Saturday, December 9, 2023

What if There Weren't any Stories?


Learning the life stories of ancestors helps us understand them better. Perhaps that's why I feel such a need to focus on the stories. And it doesn't take long to find yet another story to share from the family tree—at least it seems that way.

Once I say that, though, someone inevitably responds to that statement with the question: What if there weren't any stories in their family's past? 

Most of the people who present me with that question usually rehearse their ancestral heritage: just "plain ol' farmers" who had no claim to fame, who spent their entire life working the land. What gets discounted with that frame of mind is the fact that, no matter how "average" or "boring" a life might seem to be, it can still come with the ups and downs, the disappointments, the hopes, the small triumphs, the perseverance-in-spite-of that made that person what, in the end, he or she turned out to be.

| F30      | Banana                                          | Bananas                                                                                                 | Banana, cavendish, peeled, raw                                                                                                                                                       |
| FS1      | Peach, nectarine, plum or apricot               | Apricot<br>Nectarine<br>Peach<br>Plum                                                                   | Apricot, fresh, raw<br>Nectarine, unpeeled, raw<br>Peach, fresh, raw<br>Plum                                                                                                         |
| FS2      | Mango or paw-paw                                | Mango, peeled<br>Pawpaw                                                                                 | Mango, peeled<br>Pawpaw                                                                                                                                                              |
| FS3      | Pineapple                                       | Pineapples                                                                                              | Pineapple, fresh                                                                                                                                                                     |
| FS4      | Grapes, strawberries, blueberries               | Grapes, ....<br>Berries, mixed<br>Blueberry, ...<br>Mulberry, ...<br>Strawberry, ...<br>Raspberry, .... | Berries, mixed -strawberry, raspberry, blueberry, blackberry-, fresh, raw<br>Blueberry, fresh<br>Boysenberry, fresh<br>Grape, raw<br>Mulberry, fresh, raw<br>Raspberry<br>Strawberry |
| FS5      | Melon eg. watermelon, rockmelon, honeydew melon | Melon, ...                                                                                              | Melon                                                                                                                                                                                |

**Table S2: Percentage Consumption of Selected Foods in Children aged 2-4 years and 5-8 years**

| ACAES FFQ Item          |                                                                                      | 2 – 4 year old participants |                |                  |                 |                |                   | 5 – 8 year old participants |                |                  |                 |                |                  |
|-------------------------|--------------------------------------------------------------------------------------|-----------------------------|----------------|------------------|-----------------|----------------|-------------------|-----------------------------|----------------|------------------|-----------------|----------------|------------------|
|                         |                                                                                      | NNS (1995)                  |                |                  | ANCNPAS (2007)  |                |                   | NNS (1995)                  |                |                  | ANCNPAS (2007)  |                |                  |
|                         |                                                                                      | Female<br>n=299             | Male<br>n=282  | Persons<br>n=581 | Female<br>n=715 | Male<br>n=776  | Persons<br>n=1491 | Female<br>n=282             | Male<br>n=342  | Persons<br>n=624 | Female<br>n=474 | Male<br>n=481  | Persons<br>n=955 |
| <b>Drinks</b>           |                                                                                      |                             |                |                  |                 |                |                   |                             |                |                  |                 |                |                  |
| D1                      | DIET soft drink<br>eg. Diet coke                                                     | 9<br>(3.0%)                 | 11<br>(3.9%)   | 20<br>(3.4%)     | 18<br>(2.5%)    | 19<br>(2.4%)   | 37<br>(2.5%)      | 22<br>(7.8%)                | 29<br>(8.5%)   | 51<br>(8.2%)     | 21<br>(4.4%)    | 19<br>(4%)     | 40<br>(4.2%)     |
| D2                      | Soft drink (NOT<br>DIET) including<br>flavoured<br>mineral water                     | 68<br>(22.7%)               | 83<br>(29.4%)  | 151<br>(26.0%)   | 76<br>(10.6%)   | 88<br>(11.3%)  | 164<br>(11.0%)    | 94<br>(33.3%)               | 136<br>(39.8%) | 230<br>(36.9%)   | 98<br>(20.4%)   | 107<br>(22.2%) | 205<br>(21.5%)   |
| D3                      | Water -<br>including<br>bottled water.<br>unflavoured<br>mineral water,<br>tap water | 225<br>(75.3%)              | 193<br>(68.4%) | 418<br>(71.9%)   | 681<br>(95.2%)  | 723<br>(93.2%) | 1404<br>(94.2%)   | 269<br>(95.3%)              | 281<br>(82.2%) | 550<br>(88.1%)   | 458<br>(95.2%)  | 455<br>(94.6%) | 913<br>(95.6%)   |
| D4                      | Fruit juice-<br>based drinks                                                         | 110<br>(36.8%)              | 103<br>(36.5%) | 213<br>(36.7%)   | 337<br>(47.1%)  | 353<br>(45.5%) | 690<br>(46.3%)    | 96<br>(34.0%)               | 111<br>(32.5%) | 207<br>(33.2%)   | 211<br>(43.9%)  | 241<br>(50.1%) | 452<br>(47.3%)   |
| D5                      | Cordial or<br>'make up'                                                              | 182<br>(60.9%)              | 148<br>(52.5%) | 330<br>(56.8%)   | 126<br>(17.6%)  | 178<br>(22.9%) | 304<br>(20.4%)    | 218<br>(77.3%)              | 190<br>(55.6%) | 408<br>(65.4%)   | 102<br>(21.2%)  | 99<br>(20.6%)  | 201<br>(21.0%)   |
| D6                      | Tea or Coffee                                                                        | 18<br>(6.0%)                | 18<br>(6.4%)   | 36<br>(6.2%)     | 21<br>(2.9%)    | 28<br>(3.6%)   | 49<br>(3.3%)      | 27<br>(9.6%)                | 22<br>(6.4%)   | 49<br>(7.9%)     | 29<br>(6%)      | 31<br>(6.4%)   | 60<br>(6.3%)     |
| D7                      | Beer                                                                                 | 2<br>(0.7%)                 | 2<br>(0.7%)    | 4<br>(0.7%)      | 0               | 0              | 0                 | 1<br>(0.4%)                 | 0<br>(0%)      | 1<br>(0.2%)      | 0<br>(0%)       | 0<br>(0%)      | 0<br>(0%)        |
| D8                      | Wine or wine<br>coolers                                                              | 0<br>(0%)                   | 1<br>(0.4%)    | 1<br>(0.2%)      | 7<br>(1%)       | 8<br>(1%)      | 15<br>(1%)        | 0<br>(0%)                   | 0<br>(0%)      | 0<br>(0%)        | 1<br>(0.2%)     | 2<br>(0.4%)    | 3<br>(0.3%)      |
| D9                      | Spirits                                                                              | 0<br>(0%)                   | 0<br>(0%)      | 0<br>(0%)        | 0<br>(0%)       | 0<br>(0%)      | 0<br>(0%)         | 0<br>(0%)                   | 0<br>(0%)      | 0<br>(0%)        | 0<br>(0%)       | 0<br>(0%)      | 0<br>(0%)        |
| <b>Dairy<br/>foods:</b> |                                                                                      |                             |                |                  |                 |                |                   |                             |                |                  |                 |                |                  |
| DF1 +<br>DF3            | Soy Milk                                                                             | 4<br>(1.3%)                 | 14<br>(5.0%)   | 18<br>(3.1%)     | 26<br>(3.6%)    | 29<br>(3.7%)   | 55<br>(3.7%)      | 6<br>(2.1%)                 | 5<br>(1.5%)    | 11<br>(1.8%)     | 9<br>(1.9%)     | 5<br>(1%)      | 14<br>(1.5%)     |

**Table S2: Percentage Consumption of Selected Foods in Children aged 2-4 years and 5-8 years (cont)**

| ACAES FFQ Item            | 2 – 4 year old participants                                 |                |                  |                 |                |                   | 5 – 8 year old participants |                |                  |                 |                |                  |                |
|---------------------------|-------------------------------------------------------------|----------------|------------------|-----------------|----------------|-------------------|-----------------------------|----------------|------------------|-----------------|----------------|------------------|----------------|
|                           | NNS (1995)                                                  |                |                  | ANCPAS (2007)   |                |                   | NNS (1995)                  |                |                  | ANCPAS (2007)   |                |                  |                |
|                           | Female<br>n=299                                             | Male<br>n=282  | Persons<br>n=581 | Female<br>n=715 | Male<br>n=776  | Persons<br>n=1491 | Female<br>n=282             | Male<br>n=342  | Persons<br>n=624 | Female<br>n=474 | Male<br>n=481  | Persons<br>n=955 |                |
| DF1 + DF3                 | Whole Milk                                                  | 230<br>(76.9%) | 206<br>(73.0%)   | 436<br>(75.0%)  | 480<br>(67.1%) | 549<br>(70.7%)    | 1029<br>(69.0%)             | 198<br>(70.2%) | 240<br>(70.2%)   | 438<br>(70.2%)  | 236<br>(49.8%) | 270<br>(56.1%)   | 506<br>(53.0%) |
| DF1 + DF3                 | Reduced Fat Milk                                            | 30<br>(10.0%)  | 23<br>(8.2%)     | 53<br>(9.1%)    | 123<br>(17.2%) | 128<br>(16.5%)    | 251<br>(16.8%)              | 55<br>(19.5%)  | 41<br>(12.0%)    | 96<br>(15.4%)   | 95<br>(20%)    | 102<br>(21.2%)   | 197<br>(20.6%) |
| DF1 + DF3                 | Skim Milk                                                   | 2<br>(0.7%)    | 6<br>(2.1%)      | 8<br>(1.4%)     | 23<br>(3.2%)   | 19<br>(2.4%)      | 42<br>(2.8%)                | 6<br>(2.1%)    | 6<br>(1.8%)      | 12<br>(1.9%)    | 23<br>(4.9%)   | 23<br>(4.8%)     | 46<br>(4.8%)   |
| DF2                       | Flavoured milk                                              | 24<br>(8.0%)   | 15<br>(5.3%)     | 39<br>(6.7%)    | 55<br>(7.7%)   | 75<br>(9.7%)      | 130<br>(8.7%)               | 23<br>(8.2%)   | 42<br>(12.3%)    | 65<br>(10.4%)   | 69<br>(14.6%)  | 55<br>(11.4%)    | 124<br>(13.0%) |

My dad, for instance, was a rather quiet man. I knew he had been a lifelong musician—well, except for one brief moment in his life when he tried to work at a "real" job—but because he never talked about himself, I never learned, for instance, about his chances for significant recognition for his talent, or even the sad episode in his younger years of losing a firstborn child. Now, of course, thanks to digitized records, I can find stories such as these—or at least learn how to read between the lines when the script remains silent—and begin to see him in a more three-dimensional light. Where no story seemed to exist, multiple story lines begin to appear.

When we examine the process of how a family member evolved into the person we may later have come to know them as, it makes it slightly more possible for us to understand—or, if you will forgive the term, how we can relate to that person from previous generations. That process, incidentally, is what is filled with stories. We just need to find the way to discover the details, follow the unfolding of the situation, ask questions and learn from what we observe—whether from family diaries and letters, from newspaper reports or old photo albums and scrapbooks, or even from dull, dry, government records. The story is there; it's our task to find it.

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